Oh Rachel!!! How exciting! I can honestly say home educating Alice was the hardest, but most rewarding experiences ever! We found it a little more challenging because we are in the middle of London and I was finding it hard to get out and about with the kids on public transport. Everywhere was always so busy and EXPENSIVE! But I’m in the process of negotiating a part school / part home ed with Alice’s school because I love the socialising aspect of school, but I hate the fact it is so long and she is forced to learn even when she’s not feeling it!
    You’ll be great. My only advice is to take off the pressure. If you planned a structured day and then the kids aren’t into it, just change it round and try again another day. Thats the beauty of it though!
    I’m so excited to read your journey (and get activity ideas! Haha!) xx

    • Rachel Brady
      February 20, 2017 / 7:31 pm

      Thanks Emma! I completely agree – no pressure, and I really hope you get your situation sorted with Alice X

  3. February 20, 2017 / 5:58 pm

    Welcome to home education 🙂 found you via tag on instagram. check out my blog you’ll find a blog hop featuring a bunch of bloggers showing of lots of different ways they’re home educating 🙂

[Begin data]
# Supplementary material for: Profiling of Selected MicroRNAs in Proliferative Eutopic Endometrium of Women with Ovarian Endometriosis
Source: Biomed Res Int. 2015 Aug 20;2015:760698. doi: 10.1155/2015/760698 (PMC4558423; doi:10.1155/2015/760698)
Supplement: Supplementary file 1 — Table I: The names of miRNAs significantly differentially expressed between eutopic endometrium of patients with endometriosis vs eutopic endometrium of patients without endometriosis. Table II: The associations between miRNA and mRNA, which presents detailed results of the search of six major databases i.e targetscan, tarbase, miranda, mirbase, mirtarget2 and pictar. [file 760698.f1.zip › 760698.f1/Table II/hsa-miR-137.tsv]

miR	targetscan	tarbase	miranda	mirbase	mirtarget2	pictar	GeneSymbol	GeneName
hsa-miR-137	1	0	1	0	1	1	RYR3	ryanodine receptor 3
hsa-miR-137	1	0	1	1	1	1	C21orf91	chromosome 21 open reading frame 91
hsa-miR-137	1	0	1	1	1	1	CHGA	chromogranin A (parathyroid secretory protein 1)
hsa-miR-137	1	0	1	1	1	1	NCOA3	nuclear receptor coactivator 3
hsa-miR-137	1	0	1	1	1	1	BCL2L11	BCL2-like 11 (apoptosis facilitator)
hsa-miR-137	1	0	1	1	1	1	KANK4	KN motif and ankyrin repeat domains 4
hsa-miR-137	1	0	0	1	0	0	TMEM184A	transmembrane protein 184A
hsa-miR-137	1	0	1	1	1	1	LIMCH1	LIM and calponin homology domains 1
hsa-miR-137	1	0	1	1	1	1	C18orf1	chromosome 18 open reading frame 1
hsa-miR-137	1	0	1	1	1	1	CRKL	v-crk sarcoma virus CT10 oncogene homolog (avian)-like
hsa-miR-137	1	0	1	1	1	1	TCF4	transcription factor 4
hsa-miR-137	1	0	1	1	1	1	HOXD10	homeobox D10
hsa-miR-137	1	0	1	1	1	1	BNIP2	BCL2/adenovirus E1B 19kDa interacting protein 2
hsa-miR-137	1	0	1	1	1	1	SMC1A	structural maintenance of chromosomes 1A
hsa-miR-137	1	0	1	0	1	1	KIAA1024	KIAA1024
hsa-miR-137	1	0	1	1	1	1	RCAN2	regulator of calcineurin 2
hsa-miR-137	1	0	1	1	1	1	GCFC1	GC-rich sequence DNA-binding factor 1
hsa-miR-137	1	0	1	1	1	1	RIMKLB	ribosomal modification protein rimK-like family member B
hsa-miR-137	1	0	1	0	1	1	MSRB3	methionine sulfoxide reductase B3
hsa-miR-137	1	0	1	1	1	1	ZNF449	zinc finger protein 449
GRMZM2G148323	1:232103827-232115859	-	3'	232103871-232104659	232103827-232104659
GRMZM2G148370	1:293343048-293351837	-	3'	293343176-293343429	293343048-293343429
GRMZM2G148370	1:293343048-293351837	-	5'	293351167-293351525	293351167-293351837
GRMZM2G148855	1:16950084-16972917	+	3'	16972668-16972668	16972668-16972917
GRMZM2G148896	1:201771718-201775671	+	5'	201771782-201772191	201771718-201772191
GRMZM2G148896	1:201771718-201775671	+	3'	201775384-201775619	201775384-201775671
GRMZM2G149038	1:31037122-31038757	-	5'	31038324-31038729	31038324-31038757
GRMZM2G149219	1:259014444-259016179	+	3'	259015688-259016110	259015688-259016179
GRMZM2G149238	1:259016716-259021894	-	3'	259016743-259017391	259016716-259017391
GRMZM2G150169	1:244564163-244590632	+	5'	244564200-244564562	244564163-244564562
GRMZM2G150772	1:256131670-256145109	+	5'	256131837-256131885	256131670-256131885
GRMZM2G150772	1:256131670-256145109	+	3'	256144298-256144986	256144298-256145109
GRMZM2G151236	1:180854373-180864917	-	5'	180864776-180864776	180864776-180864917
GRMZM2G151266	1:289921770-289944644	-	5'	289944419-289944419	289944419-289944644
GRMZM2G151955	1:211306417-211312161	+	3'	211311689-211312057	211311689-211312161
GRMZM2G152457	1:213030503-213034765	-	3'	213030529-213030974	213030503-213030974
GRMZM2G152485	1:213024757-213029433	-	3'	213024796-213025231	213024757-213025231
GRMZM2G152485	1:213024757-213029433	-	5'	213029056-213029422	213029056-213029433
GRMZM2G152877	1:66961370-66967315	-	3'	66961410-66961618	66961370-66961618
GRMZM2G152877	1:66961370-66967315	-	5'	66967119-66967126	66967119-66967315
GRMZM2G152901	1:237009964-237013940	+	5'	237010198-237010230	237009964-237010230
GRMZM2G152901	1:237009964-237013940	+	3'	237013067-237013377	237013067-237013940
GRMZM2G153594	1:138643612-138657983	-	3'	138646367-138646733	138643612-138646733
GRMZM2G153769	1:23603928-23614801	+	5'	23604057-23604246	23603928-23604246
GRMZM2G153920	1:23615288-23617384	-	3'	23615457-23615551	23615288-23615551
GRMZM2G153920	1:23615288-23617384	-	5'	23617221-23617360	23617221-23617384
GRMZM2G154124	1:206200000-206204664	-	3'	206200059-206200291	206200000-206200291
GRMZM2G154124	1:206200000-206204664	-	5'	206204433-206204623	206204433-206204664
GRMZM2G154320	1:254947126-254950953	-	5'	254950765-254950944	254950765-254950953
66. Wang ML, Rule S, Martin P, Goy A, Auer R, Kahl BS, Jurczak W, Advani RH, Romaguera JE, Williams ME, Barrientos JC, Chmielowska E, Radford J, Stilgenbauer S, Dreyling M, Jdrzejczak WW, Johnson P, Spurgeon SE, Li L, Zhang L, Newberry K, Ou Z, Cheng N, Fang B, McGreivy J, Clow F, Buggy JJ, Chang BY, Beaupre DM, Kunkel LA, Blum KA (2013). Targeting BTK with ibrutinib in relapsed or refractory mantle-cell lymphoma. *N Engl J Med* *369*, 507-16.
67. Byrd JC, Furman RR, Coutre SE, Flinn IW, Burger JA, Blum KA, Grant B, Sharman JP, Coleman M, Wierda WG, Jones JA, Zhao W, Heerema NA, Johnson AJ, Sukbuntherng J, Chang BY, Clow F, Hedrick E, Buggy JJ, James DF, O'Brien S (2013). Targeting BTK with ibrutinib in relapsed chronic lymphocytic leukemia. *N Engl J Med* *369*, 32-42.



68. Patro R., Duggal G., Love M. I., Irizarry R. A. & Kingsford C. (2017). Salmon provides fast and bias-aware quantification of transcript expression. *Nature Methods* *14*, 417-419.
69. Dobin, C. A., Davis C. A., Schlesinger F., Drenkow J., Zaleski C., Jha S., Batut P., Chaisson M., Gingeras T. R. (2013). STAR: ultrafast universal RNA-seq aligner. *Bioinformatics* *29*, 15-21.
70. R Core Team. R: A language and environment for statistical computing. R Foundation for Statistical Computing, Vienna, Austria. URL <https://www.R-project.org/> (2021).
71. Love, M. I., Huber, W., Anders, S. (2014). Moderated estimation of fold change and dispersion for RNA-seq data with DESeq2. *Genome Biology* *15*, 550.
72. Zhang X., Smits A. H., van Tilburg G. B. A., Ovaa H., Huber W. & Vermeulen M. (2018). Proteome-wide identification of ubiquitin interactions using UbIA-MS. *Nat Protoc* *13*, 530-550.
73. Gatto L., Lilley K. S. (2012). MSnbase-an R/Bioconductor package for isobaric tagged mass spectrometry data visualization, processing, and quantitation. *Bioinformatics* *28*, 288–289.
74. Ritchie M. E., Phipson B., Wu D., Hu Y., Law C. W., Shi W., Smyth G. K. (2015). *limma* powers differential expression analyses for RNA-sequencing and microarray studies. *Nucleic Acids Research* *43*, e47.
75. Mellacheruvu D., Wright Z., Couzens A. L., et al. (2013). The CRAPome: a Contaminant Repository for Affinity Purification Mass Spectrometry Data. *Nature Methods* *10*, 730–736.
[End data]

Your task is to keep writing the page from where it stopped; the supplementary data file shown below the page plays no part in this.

• Rachel Brady
      February 20, 2017 / 7:30 pm

      Hi Jax – thanks! I will def take a look! X

  4. Robyn
    February 20, 2017 / 6:09 pm

    Good for you. I left teaching when I had my first child because of the way education was heading. As a teacher I couldn’t be the fun, inspiring, loving person I wanted to be in the classroom because of the huge pressure of target setting, planning, preparation etc etc. I now have 3 children. I don’t feel like I could home educate them, but I have often thought about it. I think you are going about it in a really sensible way. I’m not sure I could cope with the intensity of our relationship if we were all at home all the time. Good luck! I’m looking forward to seeing how you get on.

    • Rachel Brady